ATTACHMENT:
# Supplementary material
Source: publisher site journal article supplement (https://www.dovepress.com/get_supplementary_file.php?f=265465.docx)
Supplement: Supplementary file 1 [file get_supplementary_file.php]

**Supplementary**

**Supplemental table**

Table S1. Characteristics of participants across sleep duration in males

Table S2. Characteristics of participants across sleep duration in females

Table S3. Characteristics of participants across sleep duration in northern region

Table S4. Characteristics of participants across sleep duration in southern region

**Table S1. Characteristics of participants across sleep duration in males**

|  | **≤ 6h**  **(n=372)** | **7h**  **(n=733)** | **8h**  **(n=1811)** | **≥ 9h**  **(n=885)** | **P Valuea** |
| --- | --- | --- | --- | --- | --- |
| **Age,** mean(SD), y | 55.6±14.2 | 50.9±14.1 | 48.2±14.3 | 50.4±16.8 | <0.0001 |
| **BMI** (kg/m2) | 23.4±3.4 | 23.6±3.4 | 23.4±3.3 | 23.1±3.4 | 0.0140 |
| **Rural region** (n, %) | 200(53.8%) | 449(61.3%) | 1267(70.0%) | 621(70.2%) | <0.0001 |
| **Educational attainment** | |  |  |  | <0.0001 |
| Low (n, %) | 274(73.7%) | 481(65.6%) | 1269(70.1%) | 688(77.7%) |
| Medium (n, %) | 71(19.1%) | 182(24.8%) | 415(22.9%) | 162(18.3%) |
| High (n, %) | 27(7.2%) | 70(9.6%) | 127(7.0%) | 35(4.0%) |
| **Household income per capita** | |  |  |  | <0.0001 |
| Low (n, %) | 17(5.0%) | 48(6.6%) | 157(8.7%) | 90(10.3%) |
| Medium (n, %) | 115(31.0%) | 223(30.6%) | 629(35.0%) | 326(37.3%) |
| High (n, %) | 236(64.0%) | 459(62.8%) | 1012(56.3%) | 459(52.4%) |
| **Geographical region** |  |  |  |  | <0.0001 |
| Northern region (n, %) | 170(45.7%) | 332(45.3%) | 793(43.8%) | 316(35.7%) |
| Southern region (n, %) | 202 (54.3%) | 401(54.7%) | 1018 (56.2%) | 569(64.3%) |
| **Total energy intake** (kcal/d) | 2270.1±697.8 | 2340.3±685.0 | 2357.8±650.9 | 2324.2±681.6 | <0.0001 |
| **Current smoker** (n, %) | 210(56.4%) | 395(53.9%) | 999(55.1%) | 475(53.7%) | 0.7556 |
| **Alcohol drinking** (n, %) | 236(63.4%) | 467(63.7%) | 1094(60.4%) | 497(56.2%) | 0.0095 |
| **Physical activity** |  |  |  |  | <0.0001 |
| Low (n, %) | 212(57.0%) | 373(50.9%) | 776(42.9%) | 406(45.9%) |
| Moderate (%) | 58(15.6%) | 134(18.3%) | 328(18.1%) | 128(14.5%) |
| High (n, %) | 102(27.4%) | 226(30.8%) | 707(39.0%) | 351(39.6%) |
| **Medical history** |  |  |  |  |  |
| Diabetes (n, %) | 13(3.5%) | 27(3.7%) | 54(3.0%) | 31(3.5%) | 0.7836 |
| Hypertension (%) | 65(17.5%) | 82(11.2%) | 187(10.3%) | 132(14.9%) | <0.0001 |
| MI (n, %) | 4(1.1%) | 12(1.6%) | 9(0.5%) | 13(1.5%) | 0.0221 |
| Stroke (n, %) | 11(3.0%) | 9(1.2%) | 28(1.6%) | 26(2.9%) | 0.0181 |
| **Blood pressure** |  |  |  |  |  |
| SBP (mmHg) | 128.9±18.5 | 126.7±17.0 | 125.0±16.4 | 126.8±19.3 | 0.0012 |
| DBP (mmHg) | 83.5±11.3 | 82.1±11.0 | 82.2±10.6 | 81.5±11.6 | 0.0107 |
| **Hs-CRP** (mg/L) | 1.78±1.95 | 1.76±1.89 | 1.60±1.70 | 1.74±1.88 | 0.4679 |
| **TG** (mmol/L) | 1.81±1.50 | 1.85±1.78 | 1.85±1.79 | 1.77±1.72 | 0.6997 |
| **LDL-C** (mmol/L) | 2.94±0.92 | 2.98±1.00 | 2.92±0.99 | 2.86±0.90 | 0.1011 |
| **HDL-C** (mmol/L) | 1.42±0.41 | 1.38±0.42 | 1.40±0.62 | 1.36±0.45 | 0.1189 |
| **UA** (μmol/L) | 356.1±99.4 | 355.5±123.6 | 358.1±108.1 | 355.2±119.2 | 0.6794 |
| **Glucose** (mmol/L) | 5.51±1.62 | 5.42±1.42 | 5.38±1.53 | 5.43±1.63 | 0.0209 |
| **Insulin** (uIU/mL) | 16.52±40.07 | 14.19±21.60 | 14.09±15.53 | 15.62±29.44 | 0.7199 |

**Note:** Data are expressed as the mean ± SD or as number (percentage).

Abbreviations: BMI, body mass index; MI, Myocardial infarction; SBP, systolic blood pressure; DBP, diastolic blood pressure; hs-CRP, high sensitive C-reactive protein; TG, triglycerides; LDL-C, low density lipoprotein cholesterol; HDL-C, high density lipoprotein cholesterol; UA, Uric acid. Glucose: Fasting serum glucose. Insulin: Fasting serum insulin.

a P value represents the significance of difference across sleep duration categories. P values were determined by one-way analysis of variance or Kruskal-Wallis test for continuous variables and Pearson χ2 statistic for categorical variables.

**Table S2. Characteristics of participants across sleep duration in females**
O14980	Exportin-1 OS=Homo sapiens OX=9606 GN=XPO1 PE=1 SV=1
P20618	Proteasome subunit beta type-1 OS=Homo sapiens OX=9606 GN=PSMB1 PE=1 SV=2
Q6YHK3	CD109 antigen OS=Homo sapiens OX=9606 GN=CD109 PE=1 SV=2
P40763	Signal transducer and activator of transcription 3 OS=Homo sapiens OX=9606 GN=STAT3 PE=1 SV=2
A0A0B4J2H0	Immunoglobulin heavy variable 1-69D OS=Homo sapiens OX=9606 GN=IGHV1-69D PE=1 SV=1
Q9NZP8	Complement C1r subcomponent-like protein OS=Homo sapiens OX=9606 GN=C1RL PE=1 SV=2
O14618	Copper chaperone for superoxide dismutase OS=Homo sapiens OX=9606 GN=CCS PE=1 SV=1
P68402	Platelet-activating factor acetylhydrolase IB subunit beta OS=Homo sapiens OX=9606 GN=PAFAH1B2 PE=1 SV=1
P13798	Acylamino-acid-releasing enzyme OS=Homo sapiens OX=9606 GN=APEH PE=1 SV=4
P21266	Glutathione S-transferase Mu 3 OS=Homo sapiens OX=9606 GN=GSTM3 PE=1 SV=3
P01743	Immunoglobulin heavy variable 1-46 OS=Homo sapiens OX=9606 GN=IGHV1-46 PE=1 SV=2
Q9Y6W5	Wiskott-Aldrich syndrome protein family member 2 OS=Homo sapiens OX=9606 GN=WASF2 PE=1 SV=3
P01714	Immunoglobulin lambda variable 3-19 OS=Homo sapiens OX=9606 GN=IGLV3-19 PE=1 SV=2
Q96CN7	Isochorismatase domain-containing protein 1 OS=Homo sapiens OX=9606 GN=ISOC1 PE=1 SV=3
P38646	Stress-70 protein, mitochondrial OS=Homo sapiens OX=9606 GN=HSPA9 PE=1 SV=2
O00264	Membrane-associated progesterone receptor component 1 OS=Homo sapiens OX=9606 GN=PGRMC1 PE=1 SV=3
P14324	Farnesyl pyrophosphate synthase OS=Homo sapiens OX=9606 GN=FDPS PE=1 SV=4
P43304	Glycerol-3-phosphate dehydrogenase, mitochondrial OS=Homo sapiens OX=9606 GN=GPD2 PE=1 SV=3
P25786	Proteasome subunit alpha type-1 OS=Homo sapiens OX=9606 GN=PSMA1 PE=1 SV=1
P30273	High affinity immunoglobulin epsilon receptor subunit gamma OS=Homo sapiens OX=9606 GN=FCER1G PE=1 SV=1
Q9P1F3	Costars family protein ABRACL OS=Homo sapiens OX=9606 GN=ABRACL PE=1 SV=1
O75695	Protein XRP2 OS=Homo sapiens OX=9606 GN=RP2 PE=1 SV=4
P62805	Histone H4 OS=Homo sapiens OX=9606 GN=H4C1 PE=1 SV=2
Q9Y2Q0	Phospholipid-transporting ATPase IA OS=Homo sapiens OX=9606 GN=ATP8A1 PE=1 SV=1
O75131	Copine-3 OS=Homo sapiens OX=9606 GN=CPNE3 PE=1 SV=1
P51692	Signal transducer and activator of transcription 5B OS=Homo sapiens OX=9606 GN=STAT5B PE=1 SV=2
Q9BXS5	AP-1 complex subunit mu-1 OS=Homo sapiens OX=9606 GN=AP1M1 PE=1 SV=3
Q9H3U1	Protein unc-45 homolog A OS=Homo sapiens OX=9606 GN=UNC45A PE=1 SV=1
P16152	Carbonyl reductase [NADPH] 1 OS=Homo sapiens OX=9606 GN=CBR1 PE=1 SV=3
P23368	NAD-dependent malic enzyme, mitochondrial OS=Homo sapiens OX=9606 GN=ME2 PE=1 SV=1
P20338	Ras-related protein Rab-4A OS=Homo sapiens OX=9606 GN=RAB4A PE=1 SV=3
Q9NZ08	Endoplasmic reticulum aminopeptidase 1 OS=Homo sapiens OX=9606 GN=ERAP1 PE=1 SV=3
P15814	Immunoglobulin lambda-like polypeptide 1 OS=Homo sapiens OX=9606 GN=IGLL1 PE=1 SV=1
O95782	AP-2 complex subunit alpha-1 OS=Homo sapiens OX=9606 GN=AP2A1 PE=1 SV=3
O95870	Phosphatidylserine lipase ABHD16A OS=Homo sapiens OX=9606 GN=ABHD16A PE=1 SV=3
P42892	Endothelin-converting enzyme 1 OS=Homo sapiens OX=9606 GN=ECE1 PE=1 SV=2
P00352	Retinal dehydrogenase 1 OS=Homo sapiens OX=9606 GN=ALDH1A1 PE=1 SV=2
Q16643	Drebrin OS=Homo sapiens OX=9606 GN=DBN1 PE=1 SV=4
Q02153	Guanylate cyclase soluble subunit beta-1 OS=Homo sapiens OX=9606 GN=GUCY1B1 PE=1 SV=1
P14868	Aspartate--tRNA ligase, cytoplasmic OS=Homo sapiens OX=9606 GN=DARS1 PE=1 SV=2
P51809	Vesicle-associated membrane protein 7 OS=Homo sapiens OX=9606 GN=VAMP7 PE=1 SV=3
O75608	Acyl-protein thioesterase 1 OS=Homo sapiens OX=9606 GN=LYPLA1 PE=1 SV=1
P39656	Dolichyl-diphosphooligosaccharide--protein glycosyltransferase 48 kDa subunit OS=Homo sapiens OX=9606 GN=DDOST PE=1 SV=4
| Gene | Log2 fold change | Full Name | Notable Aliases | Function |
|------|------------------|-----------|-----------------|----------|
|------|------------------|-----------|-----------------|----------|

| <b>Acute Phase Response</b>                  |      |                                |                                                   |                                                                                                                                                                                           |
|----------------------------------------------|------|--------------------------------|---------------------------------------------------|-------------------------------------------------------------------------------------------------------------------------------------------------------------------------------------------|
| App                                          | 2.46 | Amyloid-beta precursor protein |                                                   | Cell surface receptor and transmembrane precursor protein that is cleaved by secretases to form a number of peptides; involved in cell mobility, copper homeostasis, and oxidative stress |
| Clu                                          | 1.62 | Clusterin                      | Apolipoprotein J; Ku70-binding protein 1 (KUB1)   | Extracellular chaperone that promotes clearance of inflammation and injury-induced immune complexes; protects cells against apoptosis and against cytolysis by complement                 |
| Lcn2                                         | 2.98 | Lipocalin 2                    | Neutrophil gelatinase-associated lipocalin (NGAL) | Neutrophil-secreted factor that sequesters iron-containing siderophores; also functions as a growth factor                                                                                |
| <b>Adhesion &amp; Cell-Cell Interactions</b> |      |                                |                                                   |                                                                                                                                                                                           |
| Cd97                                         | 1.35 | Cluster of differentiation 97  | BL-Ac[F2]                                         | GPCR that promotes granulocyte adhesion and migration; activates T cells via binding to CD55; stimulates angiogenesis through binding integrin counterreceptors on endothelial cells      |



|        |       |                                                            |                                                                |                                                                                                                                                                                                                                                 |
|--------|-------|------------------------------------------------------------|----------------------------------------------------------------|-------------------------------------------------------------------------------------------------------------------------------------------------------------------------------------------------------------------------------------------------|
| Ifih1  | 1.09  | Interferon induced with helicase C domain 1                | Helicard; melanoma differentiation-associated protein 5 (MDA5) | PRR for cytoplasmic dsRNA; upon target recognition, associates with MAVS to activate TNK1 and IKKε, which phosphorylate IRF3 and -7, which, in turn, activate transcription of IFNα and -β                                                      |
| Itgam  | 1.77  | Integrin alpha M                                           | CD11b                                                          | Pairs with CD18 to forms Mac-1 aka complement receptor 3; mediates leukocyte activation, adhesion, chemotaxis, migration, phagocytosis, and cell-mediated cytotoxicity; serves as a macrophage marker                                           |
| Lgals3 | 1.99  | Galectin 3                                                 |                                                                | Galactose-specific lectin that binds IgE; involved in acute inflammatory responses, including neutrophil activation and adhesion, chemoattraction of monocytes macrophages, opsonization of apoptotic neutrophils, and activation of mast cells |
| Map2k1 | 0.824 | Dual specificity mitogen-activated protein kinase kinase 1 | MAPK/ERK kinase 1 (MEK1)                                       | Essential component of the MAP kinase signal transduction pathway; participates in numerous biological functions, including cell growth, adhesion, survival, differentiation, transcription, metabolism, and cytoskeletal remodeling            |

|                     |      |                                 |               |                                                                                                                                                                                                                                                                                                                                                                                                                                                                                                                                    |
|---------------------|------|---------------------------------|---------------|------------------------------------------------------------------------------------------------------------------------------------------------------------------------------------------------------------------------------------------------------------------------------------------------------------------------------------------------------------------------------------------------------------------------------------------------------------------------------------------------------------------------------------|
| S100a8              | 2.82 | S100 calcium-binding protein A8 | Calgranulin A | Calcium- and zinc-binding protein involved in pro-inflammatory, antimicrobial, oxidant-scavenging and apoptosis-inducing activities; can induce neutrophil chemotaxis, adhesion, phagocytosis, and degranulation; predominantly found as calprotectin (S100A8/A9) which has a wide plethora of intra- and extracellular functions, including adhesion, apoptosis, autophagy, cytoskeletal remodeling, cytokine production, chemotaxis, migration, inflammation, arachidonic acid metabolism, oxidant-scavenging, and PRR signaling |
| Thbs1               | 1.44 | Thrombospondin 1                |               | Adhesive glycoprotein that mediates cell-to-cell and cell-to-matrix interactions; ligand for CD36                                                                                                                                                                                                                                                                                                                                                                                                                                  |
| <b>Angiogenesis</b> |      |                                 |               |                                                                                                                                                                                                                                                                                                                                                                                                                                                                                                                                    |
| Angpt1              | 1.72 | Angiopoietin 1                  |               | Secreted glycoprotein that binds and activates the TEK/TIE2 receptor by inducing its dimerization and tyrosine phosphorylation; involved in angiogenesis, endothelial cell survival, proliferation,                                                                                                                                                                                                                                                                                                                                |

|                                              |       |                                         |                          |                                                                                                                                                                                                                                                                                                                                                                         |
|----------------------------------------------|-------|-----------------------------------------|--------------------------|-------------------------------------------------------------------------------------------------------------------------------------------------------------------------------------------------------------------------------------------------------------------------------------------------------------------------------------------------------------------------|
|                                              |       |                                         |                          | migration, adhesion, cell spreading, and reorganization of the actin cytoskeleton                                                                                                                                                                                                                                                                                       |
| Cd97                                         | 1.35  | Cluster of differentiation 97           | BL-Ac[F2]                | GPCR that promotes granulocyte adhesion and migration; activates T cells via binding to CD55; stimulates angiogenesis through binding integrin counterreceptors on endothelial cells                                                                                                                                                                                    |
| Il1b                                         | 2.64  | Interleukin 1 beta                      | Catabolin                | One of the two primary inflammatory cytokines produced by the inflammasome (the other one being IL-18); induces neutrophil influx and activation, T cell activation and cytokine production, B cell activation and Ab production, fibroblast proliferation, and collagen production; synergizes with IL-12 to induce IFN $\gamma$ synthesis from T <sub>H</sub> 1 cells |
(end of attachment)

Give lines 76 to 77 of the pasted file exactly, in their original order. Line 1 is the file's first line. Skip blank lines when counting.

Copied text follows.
Q9Y2Q0	Phospholipid-transporting ATPase IA OS=Homo sapiens OX=9606 GN=ATP8A1 PE=1 SV=1
O75131	Copine-3 OS=Homo sapiens OX=9606 GN=CPNE3 PE=1 SV=1